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Corticosteroids for Tennis Elbow
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How It Works
A local anesthetic (lidocaine) may be used first to help with diagnosis. If this shot improves the pain, then a corticosteroid injection is given. Lidocaine is sometimes given with a corticosteroid to reduce the pain of the injection.
Why It Is Used
A corticosteroid injection is sometimes used to treat tennis elbow. Corticosteroids are given to relieve the pain of tennis elbow when other forms of treatment haven't helped.
If you don't find long-term relief after a total of three injections over the course of a year, more injections aren't likely to help and may cause harm.
Some doctors believe that corticosteroids should not be given to children.
Corticosteroid treatment is not used when infection is suspected.
How Well It Works
Studies suggest that corticosteroid injections may give short-term relief but don't have long-lasting benefit when compared to other treatments.1 And a large analysis of many corticosteroid studies suggests that in the long term corticosteroids are worse than other treatments.2 For example, one study found that although corticosteroid injection produced the most relief after 6 weeks, it was linked to more relapse and pain after 6 weeks and after 52 weeks than treatment with watchful waiting or rehabilitation.3
Corticosteroids are used with caution because of potential side effects. Side effects may include:
- Increased pain the first day or two after a corticosteroid injection. Apply ice at home for 15 to 20 minutes after the injection to help reduce pain.
- Tendon weakening and scarring, causing loss of strength and movement and potential for tendon rupture.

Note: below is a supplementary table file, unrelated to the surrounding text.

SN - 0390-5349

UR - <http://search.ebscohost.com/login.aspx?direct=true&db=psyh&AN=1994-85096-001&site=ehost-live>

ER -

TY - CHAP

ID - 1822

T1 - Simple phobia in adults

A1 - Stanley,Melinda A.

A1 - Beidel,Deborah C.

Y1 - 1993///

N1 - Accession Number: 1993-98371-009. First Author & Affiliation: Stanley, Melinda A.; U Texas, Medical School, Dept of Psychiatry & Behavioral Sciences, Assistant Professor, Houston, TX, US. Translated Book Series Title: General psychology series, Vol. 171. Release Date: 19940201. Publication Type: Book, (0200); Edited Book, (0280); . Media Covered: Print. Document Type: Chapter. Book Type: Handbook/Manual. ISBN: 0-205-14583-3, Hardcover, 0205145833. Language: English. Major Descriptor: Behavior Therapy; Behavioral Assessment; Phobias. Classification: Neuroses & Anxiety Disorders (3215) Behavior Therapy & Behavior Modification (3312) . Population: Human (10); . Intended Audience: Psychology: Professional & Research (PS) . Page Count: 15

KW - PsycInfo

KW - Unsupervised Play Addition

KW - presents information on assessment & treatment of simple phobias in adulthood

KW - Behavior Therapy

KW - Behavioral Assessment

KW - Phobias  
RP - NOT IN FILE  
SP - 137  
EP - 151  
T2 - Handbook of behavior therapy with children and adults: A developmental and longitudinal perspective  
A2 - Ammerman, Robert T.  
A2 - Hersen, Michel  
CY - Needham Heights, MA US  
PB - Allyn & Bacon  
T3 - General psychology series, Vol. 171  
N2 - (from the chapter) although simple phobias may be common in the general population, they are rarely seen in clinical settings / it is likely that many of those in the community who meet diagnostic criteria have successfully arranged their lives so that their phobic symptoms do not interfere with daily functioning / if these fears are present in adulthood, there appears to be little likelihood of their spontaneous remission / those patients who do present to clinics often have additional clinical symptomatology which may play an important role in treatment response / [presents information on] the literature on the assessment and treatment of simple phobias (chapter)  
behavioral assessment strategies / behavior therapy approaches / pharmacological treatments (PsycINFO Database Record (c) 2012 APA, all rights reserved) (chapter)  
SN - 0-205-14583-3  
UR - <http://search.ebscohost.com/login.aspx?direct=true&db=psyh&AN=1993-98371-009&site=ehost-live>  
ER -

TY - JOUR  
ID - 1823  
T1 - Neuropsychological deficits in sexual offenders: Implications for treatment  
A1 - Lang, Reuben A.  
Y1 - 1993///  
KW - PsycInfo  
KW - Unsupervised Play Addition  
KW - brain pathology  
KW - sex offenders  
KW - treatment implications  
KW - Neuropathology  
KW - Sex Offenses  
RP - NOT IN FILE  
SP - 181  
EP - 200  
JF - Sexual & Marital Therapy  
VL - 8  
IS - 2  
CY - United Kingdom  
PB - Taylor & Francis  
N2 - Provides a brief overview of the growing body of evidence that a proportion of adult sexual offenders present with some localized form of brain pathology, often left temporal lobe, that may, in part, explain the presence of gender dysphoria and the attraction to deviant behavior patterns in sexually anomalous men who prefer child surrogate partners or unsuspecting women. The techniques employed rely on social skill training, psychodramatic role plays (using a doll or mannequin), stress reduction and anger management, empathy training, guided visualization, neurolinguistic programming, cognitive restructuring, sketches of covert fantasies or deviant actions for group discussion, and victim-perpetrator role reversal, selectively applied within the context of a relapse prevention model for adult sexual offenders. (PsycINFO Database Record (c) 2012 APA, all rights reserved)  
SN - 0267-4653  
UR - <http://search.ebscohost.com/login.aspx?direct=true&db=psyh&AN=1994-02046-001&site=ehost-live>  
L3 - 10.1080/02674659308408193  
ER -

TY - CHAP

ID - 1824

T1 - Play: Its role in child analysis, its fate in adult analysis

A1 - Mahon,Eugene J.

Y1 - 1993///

- Accidental nerve injury during injection.
- Skin color (pigmentation) changes.
- Dimpling of the skin (subcutaneous atrophy).
See Drug Reference for a full list of side effects. (Drug Reference is not available in all systems.)
What To Think About
Try using nonsurgical treatment (such as rest, rehabilitation exercises, ice, and the use of nonsteroidal anti-inflammatory drugs) to relieve pain and inflammation before considering corticosteroids.
There may be fewer side effects and less pain when corticosteroids are given through iontophoresis. Iontophoresis is a drug delivery method that uses an electrical current to move the drug through the skin into the tissue. Because this method is less painful than hypodermic needle delivery, some people may start rehabilitation sooner and experience faster pain relief.4
- Buchbinder R, et al. (2008). Tennis elbow, search date August 2006. Online version of BMJ Clinical Evidence: http://www.clinicalevidence.com.
- Coombes BK, et al. (2010). Efficacy and safety of corticosteroid injections and other injections for management of tendinopathy: A systematic review of randomised controlled trials. Lancet, 376(9754): 1751–1767.
- Bisset L, et al. (2006). Mobilisation with movement and exercise, corticosteroid injection, or wait and see for tennis elbow: Randomised trial. BMJ, 333(7575): 939.
- Nirschl RP, et al. (2003). Iontophoretic administration of dexamethasone sodium phosphate for acute epicondylitis. American Journal of Sports Medicine, 31(2): 189–195.
Last Revised: January 21, 2011
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